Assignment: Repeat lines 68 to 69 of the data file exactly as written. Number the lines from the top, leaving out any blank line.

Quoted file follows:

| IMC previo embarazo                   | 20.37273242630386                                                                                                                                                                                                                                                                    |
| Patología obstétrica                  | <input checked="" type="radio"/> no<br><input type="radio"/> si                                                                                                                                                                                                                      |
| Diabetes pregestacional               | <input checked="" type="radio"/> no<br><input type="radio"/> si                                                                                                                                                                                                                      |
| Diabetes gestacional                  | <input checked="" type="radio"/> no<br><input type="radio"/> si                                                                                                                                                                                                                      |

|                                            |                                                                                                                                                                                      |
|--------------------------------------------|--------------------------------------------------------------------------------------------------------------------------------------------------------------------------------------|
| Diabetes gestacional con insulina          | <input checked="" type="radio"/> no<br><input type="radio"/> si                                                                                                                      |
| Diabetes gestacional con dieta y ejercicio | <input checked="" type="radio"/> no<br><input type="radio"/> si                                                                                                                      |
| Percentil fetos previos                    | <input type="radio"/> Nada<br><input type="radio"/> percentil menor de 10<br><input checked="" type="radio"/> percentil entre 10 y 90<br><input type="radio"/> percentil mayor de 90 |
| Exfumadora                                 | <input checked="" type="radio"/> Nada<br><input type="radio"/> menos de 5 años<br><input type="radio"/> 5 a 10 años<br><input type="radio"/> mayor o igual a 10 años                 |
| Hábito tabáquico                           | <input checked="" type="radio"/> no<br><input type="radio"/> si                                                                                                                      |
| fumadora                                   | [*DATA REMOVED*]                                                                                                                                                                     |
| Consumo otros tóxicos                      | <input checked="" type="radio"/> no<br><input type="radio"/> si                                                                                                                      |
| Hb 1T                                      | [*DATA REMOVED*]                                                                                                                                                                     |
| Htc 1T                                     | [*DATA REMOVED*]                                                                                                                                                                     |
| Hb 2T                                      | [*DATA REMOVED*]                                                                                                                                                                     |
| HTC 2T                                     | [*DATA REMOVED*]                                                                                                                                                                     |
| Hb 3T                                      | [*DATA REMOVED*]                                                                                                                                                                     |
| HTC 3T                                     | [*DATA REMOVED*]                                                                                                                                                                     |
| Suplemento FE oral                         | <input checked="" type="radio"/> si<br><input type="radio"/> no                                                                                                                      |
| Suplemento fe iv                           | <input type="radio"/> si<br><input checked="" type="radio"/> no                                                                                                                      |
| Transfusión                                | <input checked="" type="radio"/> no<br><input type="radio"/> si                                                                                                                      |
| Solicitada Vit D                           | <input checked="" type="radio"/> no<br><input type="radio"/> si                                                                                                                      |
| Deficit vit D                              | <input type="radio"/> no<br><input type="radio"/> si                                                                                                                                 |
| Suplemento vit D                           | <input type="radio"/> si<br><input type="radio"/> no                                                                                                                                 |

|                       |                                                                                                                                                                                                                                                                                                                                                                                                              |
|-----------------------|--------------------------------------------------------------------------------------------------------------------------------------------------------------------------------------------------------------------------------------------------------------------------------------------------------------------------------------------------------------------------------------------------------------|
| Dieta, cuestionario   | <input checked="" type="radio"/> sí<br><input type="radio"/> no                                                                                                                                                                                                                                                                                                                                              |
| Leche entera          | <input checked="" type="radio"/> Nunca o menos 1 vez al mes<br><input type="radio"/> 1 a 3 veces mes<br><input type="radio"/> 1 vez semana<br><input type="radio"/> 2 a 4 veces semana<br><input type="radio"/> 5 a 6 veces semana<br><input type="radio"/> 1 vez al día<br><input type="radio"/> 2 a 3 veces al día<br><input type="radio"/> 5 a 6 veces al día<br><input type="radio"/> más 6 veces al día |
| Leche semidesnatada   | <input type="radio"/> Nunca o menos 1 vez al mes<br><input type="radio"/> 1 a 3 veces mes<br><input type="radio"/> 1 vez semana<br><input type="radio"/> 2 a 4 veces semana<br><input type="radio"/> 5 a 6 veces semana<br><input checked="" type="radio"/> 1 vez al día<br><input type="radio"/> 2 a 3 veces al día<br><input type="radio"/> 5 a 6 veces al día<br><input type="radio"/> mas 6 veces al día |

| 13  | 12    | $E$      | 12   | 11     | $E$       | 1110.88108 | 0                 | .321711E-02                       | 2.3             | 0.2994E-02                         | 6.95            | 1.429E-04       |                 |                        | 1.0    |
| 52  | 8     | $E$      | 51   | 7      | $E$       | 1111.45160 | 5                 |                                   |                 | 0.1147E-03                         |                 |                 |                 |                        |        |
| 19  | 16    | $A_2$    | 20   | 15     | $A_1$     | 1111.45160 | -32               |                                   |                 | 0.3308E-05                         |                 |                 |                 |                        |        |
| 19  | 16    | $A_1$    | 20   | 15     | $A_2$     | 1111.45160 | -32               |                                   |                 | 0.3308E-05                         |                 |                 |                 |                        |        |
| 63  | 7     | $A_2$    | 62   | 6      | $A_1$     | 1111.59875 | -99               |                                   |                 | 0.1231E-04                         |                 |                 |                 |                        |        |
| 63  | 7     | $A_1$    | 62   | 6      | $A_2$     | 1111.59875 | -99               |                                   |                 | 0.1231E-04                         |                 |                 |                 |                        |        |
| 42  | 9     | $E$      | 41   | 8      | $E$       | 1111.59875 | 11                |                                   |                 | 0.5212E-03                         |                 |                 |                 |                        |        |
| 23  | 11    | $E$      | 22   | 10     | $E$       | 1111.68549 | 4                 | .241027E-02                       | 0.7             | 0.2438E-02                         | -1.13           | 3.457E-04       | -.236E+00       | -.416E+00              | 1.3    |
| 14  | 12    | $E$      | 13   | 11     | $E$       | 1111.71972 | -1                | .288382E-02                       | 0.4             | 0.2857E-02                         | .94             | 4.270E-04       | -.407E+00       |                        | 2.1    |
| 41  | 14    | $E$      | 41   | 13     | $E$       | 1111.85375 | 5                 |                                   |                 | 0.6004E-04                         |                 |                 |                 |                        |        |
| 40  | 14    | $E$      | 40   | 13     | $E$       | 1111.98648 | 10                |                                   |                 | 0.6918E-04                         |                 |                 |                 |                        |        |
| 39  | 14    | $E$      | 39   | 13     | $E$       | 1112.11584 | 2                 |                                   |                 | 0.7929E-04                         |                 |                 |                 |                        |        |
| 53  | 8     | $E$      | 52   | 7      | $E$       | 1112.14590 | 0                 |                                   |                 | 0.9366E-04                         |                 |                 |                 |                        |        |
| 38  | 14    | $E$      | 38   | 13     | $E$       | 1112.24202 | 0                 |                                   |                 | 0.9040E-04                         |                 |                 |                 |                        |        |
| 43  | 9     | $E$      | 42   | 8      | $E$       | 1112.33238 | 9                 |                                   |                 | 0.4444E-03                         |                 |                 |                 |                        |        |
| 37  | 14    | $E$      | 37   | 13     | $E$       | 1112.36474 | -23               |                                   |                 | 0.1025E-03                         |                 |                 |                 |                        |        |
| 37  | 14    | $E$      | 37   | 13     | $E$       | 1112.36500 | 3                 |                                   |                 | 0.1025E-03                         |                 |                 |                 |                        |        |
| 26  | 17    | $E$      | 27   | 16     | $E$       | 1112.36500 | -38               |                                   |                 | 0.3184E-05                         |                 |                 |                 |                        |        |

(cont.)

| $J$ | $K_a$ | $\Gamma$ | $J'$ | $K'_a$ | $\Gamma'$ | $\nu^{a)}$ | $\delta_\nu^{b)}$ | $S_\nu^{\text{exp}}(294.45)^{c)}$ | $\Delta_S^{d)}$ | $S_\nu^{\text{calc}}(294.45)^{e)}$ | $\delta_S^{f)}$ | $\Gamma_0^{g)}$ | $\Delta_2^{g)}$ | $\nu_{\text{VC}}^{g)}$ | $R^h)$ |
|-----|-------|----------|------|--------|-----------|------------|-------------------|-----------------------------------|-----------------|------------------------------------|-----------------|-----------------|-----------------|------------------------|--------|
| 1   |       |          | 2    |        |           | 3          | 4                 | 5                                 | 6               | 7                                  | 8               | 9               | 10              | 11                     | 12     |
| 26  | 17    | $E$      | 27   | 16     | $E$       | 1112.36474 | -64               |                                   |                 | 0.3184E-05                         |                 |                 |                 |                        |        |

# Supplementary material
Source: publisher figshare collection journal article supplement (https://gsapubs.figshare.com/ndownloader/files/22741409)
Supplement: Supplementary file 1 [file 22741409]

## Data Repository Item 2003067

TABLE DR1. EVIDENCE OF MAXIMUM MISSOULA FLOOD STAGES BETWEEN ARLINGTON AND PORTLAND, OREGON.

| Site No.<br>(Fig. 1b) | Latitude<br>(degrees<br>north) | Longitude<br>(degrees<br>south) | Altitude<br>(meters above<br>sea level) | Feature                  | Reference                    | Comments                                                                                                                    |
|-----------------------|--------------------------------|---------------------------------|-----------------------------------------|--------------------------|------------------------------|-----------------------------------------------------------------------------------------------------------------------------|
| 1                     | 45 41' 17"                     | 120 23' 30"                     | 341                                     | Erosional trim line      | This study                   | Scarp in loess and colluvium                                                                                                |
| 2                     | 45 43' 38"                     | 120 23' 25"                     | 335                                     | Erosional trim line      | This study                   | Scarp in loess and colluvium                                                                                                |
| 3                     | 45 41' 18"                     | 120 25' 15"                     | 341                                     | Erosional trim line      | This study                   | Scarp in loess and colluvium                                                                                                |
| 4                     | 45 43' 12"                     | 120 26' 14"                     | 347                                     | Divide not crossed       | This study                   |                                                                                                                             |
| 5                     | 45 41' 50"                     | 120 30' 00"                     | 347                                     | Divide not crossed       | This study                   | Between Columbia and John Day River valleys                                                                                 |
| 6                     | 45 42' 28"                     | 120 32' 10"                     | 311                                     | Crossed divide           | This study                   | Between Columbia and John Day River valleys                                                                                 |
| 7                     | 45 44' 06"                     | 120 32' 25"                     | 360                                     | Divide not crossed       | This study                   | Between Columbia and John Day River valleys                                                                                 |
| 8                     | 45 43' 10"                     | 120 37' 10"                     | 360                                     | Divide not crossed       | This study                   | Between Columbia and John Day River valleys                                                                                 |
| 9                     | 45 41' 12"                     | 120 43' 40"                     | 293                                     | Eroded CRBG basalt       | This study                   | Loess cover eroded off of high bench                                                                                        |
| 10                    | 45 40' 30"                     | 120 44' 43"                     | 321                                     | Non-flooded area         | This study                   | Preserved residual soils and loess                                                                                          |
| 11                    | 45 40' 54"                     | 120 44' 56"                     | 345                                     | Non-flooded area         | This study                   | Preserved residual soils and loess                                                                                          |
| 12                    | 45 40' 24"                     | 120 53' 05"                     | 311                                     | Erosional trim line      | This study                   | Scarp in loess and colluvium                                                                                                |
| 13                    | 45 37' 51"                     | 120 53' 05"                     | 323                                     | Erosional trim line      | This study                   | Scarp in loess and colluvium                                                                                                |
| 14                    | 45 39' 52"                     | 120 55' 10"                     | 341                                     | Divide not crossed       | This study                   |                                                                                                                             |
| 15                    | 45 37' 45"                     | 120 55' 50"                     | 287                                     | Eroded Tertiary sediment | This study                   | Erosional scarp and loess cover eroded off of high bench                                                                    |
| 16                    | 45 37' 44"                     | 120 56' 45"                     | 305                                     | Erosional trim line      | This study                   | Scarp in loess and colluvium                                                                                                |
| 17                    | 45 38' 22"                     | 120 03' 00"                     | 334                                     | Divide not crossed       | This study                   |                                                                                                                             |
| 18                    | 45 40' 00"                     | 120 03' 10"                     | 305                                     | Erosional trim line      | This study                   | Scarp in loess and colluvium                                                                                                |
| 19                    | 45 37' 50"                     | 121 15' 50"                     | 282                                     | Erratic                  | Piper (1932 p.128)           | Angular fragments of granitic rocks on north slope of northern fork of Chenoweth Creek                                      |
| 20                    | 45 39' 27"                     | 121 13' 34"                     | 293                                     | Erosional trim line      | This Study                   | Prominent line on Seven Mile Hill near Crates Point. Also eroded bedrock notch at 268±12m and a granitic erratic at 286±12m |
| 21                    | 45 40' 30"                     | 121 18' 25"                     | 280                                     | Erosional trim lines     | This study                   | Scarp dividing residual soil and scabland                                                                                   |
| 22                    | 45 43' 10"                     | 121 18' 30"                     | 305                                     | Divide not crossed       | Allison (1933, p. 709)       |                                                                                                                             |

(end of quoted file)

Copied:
| 8                     | 45 43' 10"                     | 120 37' 10"                     | 360                                     | Divide not crossed       | This study                   | Between Columbia and John Day River valleys                                                                                 |
| 9                     | 45 41' 12"                     | 120 43' 40"                     | 293                                     | Eroded CRBG basalt       | This study                   | Loess cover eroded off of high bench                                                                                        |